> to have been one of the lofty HQ people of the Loki
> Company,

Beam often has his characters complaining about the "incompetence" of the people back on Terra, especially during the later Federation era, but the truth is, as he actually portrayed them, the folks who were running the Federation--likely not the top elected officials and the chief public administrators but rather the folks who got those officials elected and appointed--were running a remarkable racket that makes Gerrit's Hunter's Cooperative grift on Fenris look like a parlour game. These are folks who have the Federation Army training their private security forces and the Federation Navy putting down restive locals--Federation citizens all--who threaten their interstellar investments. One might quarrel with their _morality_ but it's tough to quarrel with their _competence_.

Cheers,

David
--
"That's what happened to the Terran Federation, by the way. The good men all left to colonize, and the stuffed shirts and yes-men and herd-followers and safety-firsters stayed on Terra and tried to govern the galaxy." - Otto Harkaman (H. Beam Piper), ~Space Viking~.
~
1915
David "PiperFan" JohnsonPerson was signed in when posted
11-03-2018
17:25 UT
~
Jon Crocker wrote:

> Could there be several Federation Member Republics in
> the Terra system? Terra would probably be able to argue
> that its system was a special case and get away with it.

Here's an interesting thought. According to Klem Zareff, there were "ninety systems, a hundred and thirty inhabited planets" in the System States Alliance. Would that have been just ninety former "Federation Member Republics" or might some of those other forty inhabited planets have also been Federation Member Republics?

We know from the example of the Venus that being a Federation Member Republic doesn't mean your "republic" extends throughout the local solar system. This doesn't help us with possible "sub-planetary" Federation Member Republics on Terra but it doesn't seem unlikely that there might have been instances where there were more than one Federation Member Republic in the same system.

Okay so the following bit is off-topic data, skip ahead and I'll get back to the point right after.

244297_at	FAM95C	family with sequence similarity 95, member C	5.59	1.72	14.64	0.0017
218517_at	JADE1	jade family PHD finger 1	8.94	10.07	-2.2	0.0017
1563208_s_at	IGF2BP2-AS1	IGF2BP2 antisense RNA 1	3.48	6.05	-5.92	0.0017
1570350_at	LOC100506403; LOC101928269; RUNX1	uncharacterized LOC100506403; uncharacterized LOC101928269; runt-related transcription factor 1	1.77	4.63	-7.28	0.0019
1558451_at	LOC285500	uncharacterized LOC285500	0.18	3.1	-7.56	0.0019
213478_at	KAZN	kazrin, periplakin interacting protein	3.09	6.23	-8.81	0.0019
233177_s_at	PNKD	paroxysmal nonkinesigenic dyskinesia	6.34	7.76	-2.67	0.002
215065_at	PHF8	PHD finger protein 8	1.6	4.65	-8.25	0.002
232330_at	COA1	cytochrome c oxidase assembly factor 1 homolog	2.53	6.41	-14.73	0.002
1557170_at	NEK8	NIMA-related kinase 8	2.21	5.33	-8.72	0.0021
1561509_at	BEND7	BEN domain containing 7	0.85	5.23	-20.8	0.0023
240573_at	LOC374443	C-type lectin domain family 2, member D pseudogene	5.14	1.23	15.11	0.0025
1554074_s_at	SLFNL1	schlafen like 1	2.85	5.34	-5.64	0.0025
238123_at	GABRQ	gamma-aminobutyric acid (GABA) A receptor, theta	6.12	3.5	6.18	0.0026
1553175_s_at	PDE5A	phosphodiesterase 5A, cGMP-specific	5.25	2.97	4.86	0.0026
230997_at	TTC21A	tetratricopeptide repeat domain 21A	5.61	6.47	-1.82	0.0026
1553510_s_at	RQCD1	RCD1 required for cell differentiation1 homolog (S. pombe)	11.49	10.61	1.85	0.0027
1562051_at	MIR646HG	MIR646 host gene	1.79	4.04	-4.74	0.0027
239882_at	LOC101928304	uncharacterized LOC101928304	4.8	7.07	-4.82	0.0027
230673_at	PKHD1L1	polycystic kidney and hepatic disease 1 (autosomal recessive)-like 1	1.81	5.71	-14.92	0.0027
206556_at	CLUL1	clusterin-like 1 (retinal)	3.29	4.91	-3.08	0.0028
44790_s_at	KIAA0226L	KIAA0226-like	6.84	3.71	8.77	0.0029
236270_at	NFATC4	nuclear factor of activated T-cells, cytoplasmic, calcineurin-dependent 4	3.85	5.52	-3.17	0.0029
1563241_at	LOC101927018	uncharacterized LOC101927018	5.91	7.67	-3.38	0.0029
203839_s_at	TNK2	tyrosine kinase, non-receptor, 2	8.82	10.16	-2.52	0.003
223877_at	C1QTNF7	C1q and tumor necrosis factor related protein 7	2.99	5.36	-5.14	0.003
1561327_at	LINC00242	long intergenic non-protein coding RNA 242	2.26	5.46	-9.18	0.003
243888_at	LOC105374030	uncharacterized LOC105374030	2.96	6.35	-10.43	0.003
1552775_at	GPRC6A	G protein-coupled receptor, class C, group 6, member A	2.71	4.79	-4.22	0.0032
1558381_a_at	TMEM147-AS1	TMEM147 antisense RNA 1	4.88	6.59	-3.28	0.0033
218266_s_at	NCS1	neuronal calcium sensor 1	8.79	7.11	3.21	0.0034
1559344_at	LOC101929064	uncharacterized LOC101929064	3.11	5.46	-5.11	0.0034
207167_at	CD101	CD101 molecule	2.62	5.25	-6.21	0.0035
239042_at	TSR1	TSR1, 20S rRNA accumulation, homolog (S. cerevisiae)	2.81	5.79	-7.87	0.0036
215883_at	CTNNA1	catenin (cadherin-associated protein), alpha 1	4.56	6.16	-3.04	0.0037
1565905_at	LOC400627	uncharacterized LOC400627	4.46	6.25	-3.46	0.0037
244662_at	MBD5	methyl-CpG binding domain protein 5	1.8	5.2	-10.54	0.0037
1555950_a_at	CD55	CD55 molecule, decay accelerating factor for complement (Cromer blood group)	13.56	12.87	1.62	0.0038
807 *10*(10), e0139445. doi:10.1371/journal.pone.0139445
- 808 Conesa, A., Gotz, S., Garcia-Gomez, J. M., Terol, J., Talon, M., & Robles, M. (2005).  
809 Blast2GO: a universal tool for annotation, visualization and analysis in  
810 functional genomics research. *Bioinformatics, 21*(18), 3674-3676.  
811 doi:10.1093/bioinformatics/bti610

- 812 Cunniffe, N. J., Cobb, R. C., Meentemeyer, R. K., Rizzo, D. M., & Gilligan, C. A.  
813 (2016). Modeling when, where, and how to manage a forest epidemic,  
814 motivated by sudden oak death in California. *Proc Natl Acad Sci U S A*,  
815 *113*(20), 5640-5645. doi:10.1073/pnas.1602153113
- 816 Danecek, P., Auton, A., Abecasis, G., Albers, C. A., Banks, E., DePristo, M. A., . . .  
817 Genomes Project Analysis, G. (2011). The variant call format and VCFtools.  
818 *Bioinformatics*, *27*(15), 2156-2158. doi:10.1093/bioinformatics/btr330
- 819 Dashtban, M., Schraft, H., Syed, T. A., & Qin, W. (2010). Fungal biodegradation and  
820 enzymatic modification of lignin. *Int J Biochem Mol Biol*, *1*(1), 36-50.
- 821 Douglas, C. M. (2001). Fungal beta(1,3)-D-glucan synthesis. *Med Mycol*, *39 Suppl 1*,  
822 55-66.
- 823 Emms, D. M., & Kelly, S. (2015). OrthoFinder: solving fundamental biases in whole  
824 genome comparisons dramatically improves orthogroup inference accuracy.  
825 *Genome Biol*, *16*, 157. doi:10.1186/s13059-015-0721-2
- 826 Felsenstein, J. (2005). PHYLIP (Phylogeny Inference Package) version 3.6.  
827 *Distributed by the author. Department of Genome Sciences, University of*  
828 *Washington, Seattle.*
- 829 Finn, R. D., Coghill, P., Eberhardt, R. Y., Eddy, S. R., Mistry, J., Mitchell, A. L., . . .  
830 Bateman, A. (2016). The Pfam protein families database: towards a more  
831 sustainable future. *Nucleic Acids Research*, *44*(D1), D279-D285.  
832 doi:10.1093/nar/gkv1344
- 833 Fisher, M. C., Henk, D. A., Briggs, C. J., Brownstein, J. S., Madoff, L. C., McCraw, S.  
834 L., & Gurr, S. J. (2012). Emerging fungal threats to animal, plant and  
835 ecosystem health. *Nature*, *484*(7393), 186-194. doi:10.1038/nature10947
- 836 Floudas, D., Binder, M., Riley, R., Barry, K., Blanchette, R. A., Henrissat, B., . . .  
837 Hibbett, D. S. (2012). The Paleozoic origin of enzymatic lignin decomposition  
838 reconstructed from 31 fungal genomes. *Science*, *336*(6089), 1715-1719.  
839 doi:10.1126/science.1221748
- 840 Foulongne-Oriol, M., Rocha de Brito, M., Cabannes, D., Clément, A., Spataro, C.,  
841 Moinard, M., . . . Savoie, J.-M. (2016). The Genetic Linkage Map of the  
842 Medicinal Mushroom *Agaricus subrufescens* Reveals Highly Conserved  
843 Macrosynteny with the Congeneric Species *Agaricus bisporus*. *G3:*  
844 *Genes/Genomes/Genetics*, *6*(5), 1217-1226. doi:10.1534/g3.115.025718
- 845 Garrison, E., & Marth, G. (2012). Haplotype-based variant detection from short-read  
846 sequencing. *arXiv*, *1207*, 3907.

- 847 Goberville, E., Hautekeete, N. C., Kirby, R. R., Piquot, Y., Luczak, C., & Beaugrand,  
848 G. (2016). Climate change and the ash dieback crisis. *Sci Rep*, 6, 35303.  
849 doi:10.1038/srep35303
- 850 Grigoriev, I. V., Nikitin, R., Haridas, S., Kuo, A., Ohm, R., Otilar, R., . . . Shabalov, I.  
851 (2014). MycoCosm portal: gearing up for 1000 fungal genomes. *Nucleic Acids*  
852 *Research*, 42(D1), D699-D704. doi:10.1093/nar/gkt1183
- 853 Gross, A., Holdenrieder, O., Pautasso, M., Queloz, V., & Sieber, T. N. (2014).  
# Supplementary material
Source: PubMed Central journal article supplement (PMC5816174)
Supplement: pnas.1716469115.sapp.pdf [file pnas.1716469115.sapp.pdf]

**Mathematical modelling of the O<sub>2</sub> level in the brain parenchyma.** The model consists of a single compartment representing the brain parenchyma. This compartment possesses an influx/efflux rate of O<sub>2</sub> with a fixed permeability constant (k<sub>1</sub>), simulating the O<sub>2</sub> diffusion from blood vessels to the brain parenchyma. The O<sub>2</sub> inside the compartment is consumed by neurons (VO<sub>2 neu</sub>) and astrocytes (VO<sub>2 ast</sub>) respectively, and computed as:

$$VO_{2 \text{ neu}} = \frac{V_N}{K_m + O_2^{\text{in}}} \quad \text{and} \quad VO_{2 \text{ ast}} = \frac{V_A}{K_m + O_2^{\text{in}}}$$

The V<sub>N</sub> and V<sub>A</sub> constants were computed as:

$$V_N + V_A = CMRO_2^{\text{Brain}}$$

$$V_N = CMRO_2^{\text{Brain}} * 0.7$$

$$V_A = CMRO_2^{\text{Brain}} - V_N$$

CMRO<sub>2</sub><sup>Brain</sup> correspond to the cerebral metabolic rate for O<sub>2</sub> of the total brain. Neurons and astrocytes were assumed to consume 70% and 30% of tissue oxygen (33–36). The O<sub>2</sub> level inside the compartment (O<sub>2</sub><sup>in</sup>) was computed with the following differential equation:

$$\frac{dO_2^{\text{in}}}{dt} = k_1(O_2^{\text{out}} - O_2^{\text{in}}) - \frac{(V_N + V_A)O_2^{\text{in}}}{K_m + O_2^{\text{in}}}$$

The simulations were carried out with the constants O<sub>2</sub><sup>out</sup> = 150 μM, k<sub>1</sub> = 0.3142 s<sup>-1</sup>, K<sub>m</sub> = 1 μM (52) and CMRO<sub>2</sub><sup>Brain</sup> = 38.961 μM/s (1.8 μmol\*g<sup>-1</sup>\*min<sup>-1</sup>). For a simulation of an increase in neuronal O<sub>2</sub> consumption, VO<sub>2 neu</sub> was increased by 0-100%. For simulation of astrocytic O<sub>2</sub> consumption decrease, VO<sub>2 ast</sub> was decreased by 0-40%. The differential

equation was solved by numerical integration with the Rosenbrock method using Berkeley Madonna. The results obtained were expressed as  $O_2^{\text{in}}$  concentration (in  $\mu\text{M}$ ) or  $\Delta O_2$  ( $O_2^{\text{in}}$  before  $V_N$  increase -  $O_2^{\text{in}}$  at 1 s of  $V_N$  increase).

Cheers,

David
--
"We talk glibly about ten to the hundredth power, but emotionally we still count, 'One, Two, Three, Many.'" - Otto Harkaman (H. Beam Piper), ~Space Viking~
~
1914
David "PiperFan" JohnsonPerson was signed in when posted
11-03-2018
17:10 UT
~
Jon Crocker wrote:

> Could there be several Federation Member Republics
> in the Terra system? Terra would probably be able to
> argue that its system was a special case and get away
> with it.

One thing to keep in mind is that there was no "Terra" when the (second) Terran Federation was being formed. Instead, there were the nations of "South Africa, Australia and New Zealand, Brazil, the Argentine, etc.," the remnants of the old U.S.-led (first) Terran Federation (itself a confederation of nation-states), the remnants of whatever the "adversary combatant" was in the Fourth World War (perhaps another confederation of nation-states), the rebellious colonies on Venus and Mars, maybe other settlements in the Asteroid Belt and on the Moons of Jupiter and perhaps even some of those early "burrow-cities" on Luna, Mercury and Titan.

The establishment of the (second) Terran Federation, abolishing "all national states" and creating a "single world sovereignty," is followed by wars of "colonial pacification and consolidation" until the new (second) Terran Federation "imposes a System-wide pax." This suggests the new (second) Terran Federation--presumably comprised of "Federation Member Republics" based upon those former nations of the Southern Hemisphere--goes on to conquer the rest of the Solar System. Presumably, it is in the aftermath of that "pacification and consolidation" that new members, like the "Federation Member Republic of Venus," are admitted to the (second) Terran Federation.

> But, there's 'equal' and then there's equal - consider,
> Rhode Island and Texas have the same number of US
> Senators, but one would have a much easier time of
> throwing its weight around if it wanted to.

Or Ontario and Prince Edward Island, for that matter. ;)

Cheers,

David
--
"That's probably why the Southern Hemisphere managed to stay out of the Third and Fourth World Wars." - Carlos von Schlichten (H. Beam Piper), ~Uller Uprising~